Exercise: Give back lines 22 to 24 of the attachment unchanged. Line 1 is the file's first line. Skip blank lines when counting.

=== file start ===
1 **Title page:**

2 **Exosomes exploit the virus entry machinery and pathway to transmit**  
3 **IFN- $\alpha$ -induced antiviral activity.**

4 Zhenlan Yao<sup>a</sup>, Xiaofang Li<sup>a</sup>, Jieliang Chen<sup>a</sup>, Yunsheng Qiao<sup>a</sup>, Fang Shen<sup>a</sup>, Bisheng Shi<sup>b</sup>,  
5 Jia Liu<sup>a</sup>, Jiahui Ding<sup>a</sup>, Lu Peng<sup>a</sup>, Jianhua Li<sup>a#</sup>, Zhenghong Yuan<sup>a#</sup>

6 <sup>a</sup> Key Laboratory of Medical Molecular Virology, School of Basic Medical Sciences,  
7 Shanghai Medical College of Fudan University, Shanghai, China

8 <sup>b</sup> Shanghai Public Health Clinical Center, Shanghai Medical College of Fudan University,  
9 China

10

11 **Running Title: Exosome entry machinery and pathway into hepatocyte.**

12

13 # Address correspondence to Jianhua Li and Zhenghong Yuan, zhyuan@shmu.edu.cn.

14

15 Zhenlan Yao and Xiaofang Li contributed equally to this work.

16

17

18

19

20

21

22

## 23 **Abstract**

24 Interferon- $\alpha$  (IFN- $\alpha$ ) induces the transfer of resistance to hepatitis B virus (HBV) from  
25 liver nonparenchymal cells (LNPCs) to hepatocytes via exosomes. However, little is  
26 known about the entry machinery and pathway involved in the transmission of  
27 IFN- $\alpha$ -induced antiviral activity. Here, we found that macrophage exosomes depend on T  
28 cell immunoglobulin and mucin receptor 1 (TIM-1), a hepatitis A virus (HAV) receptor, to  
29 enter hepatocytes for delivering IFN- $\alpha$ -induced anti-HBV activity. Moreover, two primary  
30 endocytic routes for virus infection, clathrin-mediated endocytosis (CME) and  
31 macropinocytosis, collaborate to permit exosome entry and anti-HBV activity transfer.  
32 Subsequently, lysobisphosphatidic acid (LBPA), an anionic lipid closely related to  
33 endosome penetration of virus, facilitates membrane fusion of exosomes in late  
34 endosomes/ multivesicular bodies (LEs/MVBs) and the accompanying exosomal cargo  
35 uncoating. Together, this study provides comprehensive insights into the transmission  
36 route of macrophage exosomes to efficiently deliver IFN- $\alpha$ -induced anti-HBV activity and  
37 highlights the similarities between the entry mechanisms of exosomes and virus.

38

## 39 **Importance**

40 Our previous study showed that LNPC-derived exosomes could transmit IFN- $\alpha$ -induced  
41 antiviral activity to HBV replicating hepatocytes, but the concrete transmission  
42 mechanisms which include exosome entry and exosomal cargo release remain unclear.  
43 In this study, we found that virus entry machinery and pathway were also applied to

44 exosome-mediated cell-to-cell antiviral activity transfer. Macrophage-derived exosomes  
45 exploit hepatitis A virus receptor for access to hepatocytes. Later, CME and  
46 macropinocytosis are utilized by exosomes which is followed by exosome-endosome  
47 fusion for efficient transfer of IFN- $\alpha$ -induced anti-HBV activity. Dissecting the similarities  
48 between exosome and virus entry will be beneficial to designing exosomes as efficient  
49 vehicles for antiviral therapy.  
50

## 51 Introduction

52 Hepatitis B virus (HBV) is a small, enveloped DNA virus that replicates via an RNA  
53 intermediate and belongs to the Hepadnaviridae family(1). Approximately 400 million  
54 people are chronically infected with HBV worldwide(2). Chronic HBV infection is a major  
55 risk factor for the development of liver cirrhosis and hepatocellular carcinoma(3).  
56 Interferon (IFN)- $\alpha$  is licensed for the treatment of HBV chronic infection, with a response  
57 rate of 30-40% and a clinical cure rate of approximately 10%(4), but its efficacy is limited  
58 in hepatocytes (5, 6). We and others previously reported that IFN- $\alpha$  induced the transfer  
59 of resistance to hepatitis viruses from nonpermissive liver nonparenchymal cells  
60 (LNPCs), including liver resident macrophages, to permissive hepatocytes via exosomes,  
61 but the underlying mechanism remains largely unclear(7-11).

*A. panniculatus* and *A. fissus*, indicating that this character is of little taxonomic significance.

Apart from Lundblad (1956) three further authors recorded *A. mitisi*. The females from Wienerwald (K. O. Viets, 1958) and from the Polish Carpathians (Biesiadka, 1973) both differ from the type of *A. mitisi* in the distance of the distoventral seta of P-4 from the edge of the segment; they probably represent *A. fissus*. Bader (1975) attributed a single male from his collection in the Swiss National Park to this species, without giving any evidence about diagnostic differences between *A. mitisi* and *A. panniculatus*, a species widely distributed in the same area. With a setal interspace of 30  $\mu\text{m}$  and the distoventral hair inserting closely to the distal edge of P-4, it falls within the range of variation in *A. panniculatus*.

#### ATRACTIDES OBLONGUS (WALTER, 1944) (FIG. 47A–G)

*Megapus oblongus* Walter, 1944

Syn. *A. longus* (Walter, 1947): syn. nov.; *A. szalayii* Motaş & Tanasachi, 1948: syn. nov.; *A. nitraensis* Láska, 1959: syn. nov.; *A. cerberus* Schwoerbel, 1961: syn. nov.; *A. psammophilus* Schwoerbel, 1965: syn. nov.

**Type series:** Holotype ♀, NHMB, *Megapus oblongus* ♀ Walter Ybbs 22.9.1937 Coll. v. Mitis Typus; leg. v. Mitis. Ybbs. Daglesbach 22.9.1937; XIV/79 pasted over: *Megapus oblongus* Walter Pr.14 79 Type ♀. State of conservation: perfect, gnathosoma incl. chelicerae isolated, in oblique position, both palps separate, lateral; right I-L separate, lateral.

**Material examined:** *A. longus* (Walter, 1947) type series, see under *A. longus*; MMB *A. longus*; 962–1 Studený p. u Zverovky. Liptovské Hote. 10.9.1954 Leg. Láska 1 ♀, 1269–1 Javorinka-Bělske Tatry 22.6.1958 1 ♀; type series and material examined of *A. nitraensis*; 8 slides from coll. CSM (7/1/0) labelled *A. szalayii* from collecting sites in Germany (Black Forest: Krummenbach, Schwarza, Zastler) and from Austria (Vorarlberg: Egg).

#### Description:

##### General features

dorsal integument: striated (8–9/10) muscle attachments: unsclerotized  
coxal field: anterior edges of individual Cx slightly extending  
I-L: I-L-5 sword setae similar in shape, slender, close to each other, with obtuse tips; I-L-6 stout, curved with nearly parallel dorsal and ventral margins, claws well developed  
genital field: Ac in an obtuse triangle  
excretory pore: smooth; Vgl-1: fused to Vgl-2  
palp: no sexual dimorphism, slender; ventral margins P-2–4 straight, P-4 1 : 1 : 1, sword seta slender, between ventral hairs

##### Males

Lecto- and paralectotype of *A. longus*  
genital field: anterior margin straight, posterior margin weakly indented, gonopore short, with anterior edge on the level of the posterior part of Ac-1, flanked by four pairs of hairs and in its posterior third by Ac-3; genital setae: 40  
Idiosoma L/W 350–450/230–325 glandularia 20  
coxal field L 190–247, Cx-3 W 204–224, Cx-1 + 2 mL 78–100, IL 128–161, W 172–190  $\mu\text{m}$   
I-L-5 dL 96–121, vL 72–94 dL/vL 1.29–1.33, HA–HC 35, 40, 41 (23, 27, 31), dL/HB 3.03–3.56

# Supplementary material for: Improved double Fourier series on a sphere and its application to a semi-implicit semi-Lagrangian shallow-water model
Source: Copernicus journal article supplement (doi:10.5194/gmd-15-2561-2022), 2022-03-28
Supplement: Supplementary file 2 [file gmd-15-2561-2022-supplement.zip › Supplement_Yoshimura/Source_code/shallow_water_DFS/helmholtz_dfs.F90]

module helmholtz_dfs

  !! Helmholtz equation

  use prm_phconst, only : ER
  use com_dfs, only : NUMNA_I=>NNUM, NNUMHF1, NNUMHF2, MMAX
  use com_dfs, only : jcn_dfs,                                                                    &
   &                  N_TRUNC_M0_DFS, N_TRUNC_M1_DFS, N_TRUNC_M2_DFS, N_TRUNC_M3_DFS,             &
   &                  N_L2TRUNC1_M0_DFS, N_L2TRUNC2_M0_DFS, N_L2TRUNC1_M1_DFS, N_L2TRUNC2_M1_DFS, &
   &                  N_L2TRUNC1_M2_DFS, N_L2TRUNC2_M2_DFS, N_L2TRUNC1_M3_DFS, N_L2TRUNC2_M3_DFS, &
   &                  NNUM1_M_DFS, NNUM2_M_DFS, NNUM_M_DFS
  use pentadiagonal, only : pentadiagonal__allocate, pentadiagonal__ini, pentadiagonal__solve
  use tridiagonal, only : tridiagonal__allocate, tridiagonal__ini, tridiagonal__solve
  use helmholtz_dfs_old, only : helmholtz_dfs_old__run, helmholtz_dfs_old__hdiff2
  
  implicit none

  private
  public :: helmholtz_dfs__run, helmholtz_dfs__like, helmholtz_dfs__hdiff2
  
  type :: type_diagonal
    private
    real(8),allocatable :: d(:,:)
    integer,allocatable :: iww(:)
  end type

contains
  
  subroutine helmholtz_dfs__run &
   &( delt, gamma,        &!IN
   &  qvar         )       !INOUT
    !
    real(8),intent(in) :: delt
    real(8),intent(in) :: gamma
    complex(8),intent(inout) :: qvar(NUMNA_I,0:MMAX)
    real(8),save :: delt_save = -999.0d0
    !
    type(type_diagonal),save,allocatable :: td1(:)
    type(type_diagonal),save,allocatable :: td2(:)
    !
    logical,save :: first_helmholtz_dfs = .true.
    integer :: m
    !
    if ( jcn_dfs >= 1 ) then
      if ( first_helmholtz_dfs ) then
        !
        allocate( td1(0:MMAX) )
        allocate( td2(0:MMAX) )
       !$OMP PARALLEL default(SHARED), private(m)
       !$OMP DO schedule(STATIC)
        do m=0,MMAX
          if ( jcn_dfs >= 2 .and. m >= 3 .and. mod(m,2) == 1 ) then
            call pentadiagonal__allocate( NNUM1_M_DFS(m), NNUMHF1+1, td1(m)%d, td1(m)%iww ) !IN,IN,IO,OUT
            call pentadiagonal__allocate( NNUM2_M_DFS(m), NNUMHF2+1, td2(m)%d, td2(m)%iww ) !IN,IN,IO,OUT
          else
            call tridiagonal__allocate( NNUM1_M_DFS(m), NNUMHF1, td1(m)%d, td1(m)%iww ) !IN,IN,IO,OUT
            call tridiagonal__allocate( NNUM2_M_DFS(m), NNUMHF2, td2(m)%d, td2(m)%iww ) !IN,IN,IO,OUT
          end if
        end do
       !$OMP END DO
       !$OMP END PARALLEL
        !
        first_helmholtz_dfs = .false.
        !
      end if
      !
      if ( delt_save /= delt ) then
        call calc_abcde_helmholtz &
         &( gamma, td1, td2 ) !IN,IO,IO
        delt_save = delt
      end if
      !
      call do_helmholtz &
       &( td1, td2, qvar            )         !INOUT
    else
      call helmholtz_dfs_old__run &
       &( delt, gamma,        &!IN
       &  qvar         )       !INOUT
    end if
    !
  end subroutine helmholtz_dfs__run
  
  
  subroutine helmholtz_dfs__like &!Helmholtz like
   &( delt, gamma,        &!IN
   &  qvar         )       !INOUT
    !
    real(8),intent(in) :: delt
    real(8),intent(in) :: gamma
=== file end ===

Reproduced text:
22

## 23 **Abstract**

24 Interferon- $\alpha$  (IFN- $\alpha$ ) induces the transfer of resistance to hepatitis B virus (HBV) from  